FSB professor's 'Big Idea' featured in Harvard Business Review

Megan Gerhardt at a whiteboard

It took Farmer School management professor Megan Gerhardt and her co-authors about a year to write “Gentelligence: The Revolutionary Approach to Leading an Intergenerational Workforce.” When Harvard Business Review decided to make Gerhardt’s work one of its “Big Ideas” for an upcoming issue, the process wasn’t a lot shorter than writing the book itself.

“I heard from them in September, they greenlit it in November, and I was naive enough to think that meant we were close to done,” Gerhardt said. “It was seven months start to finish, and the last month and a half was intense.”

Gerhardt started looking at the challenges of the intergenerational divide not long after she began working at the Farmer School in 2003. “My early career strategy was asking for help and guidance from older colleagues, but I also really found myself asking students for feedback and input and perspective as well, and found that I learned a lot in both directions,” she said.

So it came as a surprise when Gerhardt found that many companies were having a lot of trouble handling a workforce that transcended multiple generations. “I became really passionate about studying it academically, asking ‘Why are we not looking at this as a kind of diversity?’” she said. “It’s not included in most diversity and inclusion strategies, not looked at as a cross-cultural difference, it's just looked at as annoying.  So I became really fascinated with ‘How do we change that?’”

Gentelligence is about reframing. I think first and foremost, we have to change how we're looking at this. We've narrated or allowed this conversation to be narrated very negatively for a long time,” Gerhardt said. “We wouldn't tolerate people using any other form of difference as an insult. That would be seen as a completely unacceptable, but yet age and generation seem to get a pass.”

Years of work and research culminated in the publishing of “Gentelligence” last June with now-graduated Farmer School students Josephine Nachemson-Ekwall and Brandon Fogel. But Gerhardt knew that publishing the book was only the first step. “The dream was to take this beyond academic research and get it somewhere where people might use it,” she said.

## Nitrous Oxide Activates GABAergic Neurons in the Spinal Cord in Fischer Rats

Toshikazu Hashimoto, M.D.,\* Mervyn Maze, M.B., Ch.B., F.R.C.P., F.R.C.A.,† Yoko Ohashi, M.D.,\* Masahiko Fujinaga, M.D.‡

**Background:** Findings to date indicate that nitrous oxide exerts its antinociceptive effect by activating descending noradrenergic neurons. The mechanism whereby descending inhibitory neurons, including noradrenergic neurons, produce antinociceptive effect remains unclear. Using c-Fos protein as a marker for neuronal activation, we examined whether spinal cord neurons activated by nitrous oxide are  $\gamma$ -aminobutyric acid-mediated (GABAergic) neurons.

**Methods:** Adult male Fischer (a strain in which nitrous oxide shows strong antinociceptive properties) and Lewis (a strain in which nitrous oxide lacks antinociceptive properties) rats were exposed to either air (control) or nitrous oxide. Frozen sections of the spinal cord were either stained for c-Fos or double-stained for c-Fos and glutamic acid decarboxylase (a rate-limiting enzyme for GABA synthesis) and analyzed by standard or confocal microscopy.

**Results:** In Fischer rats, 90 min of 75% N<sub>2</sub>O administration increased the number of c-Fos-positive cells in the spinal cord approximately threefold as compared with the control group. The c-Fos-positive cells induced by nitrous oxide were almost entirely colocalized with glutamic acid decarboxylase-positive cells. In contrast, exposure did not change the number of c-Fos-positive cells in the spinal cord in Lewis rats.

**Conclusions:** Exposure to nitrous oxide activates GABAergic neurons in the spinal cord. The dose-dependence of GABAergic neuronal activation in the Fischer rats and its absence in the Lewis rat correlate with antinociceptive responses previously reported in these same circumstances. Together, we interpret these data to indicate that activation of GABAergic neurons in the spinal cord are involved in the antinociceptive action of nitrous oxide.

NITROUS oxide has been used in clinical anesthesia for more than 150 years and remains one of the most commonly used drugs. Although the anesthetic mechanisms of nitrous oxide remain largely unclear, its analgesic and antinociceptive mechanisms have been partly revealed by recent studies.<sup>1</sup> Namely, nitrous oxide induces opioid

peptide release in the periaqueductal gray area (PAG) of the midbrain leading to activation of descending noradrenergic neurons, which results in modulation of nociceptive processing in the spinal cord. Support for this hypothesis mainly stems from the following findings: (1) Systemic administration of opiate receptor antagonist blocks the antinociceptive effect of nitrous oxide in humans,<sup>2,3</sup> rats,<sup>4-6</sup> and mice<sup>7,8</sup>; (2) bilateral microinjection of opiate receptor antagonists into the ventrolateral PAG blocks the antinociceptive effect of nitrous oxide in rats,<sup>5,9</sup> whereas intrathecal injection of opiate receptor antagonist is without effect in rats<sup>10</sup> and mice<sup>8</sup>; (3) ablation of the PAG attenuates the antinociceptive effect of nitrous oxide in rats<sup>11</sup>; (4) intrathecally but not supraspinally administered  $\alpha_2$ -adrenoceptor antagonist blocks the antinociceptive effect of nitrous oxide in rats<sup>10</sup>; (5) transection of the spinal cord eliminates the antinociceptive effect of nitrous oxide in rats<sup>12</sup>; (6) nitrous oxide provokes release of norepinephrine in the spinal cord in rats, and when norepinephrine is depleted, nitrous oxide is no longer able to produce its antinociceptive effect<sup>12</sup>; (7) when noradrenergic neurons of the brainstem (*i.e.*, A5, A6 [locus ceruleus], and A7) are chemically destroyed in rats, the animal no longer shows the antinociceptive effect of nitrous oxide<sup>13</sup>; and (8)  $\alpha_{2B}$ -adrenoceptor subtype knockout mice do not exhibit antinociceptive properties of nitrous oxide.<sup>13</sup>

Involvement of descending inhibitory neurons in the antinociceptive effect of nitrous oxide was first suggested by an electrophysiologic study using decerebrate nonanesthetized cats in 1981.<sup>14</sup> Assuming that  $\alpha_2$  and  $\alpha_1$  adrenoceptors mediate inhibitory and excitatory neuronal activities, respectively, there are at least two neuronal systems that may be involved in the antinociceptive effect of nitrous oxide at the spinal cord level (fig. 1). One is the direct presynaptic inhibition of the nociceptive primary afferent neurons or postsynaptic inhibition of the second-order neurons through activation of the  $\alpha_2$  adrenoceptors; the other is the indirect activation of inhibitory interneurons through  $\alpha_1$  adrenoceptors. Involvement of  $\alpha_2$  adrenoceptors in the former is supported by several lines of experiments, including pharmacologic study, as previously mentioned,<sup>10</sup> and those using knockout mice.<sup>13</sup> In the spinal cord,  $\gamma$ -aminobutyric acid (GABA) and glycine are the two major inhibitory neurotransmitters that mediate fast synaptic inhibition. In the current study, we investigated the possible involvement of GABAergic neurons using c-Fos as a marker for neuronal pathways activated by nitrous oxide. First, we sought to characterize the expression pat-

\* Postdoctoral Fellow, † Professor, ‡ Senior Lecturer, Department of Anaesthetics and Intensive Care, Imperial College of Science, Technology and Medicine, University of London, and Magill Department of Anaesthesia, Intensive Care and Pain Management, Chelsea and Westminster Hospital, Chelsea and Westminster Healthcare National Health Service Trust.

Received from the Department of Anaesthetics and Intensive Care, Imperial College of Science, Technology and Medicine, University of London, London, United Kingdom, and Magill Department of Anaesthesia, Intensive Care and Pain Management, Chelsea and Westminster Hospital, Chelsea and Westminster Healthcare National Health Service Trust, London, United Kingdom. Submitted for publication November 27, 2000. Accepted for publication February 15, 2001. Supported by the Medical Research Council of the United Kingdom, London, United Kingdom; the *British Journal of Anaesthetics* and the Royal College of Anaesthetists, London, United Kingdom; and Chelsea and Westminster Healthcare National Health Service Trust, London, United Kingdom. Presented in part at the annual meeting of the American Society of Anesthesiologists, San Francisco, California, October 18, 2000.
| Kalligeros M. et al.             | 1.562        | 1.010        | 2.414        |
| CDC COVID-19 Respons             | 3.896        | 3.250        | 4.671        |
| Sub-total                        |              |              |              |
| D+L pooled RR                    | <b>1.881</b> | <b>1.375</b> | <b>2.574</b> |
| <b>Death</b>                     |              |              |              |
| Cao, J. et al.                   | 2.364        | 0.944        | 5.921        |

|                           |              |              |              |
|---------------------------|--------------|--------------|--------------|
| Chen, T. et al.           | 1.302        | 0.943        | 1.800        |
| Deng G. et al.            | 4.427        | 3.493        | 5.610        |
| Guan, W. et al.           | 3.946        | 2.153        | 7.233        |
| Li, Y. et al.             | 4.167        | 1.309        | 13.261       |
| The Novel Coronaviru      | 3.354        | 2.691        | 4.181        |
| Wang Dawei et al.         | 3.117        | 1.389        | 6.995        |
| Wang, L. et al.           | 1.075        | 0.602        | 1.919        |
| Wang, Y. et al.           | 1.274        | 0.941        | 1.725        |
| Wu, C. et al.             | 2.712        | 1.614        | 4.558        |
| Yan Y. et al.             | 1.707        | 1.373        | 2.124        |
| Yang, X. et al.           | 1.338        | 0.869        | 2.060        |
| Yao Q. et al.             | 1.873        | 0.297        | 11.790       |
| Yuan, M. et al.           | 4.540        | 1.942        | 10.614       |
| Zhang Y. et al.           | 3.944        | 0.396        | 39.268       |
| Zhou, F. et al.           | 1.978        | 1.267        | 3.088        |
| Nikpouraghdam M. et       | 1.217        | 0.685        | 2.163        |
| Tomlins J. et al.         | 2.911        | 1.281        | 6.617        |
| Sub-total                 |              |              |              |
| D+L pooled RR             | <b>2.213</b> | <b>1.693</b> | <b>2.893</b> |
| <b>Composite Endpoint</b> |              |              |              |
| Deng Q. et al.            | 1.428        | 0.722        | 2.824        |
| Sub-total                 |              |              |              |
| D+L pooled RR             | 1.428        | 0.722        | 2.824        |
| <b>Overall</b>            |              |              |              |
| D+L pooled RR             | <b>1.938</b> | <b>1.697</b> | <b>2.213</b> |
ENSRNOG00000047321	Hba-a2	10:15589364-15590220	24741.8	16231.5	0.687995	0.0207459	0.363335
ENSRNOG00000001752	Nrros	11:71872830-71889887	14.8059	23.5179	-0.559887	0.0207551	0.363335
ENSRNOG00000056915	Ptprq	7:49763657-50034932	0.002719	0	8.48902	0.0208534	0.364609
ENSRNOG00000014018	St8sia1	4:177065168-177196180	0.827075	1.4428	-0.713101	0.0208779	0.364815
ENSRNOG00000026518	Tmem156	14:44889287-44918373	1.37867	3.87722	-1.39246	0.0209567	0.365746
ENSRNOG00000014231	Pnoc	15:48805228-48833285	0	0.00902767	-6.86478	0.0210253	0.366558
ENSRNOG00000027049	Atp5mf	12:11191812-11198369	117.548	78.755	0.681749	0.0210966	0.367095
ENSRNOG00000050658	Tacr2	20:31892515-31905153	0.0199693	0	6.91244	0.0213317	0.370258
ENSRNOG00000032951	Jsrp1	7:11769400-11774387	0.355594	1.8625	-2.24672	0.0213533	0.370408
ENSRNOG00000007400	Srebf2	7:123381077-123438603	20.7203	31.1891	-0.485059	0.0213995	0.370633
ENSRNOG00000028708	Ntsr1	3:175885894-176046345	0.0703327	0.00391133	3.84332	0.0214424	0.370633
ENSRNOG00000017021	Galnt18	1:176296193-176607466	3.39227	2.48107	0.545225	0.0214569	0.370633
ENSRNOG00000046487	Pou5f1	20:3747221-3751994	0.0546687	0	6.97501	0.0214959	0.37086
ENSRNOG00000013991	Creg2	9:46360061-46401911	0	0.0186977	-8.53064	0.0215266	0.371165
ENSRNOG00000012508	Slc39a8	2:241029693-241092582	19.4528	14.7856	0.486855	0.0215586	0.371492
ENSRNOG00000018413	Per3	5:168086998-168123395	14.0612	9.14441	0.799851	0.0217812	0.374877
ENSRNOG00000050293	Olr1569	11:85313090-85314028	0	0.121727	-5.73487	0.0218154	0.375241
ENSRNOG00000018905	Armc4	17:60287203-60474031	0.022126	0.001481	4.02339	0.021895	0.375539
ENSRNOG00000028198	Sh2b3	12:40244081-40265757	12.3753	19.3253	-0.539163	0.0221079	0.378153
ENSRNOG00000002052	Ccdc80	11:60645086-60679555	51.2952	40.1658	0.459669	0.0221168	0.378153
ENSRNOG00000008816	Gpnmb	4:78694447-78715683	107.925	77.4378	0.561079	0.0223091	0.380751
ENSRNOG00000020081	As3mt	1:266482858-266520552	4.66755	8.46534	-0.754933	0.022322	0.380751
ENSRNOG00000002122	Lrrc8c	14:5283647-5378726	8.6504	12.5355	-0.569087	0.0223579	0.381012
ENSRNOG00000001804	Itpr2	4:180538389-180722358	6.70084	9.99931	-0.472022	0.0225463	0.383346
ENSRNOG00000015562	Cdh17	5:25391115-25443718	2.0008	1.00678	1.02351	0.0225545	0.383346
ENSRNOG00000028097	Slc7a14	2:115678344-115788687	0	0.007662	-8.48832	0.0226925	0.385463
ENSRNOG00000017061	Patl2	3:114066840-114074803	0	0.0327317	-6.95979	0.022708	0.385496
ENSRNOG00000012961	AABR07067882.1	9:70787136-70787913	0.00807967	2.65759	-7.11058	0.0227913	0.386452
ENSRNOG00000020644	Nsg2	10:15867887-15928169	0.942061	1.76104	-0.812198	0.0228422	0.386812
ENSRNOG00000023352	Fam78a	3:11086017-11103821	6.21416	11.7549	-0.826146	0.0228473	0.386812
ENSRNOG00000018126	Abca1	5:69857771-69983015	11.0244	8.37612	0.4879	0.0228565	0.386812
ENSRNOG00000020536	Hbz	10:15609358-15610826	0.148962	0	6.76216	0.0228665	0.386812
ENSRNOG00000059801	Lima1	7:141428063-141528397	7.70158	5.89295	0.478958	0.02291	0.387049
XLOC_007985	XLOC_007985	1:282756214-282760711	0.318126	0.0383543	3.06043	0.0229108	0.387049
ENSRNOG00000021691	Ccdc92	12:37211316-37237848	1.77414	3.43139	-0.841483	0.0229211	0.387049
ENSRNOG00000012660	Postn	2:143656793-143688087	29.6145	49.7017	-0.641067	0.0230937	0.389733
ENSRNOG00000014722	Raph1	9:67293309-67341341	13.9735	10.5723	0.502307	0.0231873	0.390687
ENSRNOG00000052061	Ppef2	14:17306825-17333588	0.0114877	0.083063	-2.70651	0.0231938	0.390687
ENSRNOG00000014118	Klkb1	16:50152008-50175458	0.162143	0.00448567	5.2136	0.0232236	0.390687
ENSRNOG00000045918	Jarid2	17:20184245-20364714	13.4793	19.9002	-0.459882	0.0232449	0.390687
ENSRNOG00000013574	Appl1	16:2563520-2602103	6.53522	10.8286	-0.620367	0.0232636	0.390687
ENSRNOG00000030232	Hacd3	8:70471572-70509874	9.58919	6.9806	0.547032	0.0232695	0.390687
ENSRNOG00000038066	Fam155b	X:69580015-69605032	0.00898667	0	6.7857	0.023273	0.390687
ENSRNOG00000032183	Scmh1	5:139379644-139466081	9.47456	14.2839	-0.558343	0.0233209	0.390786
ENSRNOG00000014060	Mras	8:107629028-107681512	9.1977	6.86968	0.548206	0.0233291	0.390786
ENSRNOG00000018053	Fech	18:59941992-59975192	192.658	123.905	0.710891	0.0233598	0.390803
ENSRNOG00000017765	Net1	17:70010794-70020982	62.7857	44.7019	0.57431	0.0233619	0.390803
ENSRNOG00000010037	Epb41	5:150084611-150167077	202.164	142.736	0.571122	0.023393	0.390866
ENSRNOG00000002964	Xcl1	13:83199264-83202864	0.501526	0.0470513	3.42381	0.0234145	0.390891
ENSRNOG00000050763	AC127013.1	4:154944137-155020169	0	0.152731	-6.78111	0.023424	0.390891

So when an HBR reporter reached out to get information for a story on generational workplace issues, Gerhardt gave her far more information than the reporter asked for – and it worked. “It all fell into place. She said, ‘I love this. I think it should be its own article.’” Gerhardt said. “The choice I was given was, I could write something short, a quick, focused piece, pretty straightforward. Or I could write a proposal for their Big Idea series. The reporter told me that was real long shot because they only do a few per year. There would be a lot of back and forth with editors and a high risk of failure. So of course, because I'm me, I said ‘Oh, that one, the really hard one that might not work is the one that I'll definitely go for.’”

After months of work with three HBR editors, multiple rounds of questions to answer, making changes, and about a dozen rounds of edits, the story posted this week. “It was one of the hardest things I've ever done, but I love it in a way because it makes your work better,” Gerhardt said. “I think working with people at that level who really can see the important things they want to pull out helps you cut through your own noise.”

Even after her book and HBR article, Gerhardt is still focused on getting the word out about Gentelligence. She’s created Gentelligence Academy, an online program that helps teach methods and best practices for managers and companies that face generational workforce issues, allowing students to earn digital certifications. “My goal is for Gentelligence to become a movement, for it to fundamentally help people change how they look at the potential of a multi-generational workforce,” she said. “I'm very excited about new audiences, new places to have the conversation.”